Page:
Egami, a Japanese blog known for releasing patent specifications of lenses designed and made by all notable manufacturer, reports that Ricoh has patented four prime lenses for the 1” sensor format. 25mm f/1.8, 35mm f/1.8, 50mm f/2.4 and 70mm f/2.8. Supposedly these lenses are meant for industrial cameras (so called machine vision applications), which predominantly use C-mount and CS-mount.
Ricoh 70mm f/2.8 design – 7 elements in 5 groups
Nikon 1 community has been debating whether Nikon will abandon the system entirely, ever since the DL series of compact cameras with the 1“ sensor was announced at the end of February. The last Nikon 1 related announcements – Nikon 1 J5 and Nikon 1 Nikkor VR 70-300mm f/4-5.6 announced in April 2015 and March 2014 respectively – were made quite a while back, which naturally contributes to the anxiousness of N1 users. The V3 being two years old and there being no sign of the V4, the next high-end model, doesn’t help matters either.
But as the Japanese blog Egami reports, Nikon could be working hard on a fast wide angle prime as we speak. The 9mm f/1.8 (24mm full frame equivalent) described in the published patent is designed for 1” sensors, which implies that it could also be intended for a DL series camera or a lower end Coolpix A model. As you can see in the schematic below, the lens has a moderately complex optical formula, consisting of nine elements. Just to put things into perspective, the 1 Nikkor 10mm f/2.8 has six elements in five groups, while the optically superb 1 Nikkor 32mm f/1.2 has nine elements in seven groups.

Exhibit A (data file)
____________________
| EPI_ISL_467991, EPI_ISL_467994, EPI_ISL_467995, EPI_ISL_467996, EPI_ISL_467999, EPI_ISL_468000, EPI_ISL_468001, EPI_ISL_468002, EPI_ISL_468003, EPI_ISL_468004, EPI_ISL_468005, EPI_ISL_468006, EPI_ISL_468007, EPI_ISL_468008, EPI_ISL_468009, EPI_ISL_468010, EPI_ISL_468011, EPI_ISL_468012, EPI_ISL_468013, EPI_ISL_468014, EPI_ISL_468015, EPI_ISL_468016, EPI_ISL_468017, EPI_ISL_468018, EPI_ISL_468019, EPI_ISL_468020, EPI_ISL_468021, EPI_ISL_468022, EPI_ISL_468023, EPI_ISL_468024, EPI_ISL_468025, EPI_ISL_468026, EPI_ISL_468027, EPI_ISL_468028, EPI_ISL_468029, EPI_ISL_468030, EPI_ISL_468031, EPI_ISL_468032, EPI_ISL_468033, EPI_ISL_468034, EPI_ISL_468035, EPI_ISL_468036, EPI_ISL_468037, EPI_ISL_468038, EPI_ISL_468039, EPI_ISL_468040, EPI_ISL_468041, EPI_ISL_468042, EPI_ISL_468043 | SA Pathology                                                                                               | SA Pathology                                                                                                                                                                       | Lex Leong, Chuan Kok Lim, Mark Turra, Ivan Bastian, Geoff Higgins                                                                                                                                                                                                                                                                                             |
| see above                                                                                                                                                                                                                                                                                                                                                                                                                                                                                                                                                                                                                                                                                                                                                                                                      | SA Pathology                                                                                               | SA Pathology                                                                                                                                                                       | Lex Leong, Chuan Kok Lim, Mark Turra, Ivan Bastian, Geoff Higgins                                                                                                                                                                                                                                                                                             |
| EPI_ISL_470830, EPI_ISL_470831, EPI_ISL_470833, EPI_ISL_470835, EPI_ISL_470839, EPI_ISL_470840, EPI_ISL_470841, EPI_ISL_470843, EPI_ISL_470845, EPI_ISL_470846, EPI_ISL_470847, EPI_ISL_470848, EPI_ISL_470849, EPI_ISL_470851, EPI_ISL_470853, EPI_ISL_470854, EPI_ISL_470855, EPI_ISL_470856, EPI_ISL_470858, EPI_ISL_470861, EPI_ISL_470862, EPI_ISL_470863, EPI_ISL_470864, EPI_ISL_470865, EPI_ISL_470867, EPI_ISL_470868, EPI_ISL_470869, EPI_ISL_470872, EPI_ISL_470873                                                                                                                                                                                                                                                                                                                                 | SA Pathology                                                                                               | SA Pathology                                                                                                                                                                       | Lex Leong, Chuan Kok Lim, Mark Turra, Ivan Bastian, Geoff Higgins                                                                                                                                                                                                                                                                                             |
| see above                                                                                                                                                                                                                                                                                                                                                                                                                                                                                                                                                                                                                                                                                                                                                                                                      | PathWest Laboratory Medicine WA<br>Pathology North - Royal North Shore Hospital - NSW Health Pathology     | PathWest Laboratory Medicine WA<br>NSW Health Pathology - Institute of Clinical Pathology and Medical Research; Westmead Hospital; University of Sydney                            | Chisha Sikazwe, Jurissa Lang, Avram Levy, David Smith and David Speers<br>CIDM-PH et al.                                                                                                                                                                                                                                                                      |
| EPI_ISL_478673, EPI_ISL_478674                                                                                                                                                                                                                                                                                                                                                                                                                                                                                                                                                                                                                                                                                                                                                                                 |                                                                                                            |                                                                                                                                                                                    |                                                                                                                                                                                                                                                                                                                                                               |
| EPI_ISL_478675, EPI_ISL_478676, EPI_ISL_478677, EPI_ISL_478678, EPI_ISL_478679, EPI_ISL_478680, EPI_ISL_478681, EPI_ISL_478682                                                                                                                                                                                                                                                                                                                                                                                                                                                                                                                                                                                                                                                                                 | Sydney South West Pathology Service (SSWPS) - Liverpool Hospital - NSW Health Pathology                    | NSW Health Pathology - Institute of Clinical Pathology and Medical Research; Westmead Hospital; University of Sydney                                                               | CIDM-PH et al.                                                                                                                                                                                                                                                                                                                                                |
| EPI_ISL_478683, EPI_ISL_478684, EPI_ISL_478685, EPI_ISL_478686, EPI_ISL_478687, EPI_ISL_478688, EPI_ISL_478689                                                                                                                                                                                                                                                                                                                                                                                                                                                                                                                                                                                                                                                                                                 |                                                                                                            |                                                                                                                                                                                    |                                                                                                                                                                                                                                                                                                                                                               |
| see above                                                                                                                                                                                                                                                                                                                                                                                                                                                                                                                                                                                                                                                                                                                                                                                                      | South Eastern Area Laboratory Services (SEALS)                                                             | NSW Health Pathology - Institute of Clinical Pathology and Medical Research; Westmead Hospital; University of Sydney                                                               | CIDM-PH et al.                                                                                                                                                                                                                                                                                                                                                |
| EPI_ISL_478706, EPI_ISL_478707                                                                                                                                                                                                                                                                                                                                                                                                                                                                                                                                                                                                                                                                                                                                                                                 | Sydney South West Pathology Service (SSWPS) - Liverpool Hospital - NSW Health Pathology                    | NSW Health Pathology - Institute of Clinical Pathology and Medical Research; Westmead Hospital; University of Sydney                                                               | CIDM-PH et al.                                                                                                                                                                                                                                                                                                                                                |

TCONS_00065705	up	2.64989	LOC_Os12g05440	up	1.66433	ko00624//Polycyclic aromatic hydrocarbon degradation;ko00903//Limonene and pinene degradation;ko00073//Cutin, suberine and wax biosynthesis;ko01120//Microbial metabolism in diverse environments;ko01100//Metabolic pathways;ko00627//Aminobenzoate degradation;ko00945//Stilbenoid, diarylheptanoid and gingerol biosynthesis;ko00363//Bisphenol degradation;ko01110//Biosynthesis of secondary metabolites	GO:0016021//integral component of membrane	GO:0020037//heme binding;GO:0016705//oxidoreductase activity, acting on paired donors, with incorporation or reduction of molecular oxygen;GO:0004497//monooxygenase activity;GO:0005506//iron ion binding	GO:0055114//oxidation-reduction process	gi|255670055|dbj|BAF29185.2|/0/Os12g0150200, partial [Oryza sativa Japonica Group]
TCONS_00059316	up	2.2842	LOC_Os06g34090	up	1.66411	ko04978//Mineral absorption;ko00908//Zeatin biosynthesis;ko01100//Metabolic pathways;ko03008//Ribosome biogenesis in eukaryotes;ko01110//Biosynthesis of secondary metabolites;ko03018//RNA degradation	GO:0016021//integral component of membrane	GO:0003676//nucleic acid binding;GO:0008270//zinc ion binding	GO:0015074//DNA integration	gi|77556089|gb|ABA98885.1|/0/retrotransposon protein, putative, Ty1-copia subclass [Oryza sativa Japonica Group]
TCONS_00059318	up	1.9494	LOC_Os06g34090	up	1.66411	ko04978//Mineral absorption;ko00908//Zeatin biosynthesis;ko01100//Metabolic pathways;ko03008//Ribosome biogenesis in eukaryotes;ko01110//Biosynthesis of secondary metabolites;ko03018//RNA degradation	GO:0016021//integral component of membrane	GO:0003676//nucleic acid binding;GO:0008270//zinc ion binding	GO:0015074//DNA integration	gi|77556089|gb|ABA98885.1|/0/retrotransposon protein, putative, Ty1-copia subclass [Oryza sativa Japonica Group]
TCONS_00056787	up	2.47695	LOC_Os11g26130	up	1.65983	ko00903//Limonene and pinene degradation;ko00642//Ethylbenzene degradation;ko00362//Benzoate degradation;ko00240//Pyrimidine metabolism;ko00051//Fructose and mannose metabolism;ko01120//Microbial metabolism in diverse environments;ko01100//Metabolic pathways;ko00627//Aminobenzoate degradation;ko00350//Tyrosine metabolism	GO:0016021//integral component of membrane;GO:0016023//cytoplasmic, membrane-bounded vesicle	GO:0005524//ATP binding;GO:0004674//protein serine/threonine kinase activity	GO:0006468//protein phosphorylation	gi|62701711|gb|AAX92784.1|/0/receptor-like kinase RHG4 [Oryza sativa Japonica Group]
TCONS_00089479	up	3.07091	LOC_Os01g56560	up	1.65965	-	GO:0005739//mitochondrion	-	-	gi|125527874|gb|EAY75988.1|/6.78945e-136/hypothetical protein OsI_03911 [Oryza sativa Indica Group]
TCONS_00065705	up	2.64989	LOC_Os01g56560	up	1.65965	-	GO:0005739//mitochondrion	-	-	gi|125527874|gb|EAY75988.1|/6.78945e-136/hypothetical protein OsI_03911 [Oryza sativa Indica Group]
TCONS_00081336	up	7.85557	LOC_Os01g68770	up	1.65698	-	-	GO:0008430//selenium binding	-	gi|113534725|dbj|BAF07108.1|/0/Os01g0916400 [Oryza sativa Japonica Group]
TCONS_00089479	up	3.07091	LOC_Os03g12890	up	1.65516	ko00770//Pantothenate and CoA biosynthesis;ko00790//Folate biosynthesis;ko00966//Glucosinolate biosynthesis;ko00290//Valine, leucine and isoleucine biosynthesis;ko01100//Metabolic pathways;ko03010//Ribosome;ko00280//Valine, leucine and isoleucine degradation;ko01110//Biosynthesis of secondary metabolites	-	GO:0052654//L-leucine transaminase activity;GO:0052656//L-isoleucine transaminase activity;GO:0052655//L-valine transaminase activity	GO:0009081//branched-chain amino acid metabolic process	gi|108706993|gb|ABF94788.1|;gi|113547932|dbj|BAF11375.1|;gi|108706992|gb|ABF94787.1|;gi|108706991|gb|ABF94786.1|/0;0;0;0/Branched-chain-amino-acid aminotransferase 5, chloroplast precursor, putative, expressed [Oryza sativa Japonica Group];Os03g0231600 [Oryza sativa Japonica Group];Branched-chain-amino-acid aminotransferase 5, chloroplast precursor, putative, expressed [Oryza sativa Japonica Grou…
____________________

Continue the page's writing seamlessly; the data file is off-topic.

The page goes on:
I’ve already reported on the publication of Nikon’s patent application for a Nikon 1 Nikkor 70-300mm zoom lens back in November 2013. As it seems, Peter from Nikon Rumors has received additional info on the lens. According to his sources, the super-telephoto zoom will feature a collapsible design (like most 1 Nikkor zooms) and an advanced optical formula consisting of many exotic glass types, much like the patent linked above describes (6 ED and 3 fluorite elements). No other 70-300 has this many ED and flurite elements, indicating that the Nikon 1 70-300mm will have unusually high performance straight from maximum aperture. Continue reading
The hottest news at the moment is about a patent for a 70-300mm f/4-5.6 native N1 super-telephoto lens. It has a radically different (more advanced) design than the 70-300mm full frame Nikkor: 20 vs. 17 elements, 13 vs. 12 groups, 6 ED and 3 fluorite elements vs. “only” 2 ED elements. The following photo of a mock-up at the Nikon 1 announcement back in September 2011 could be the N1 70-300mm.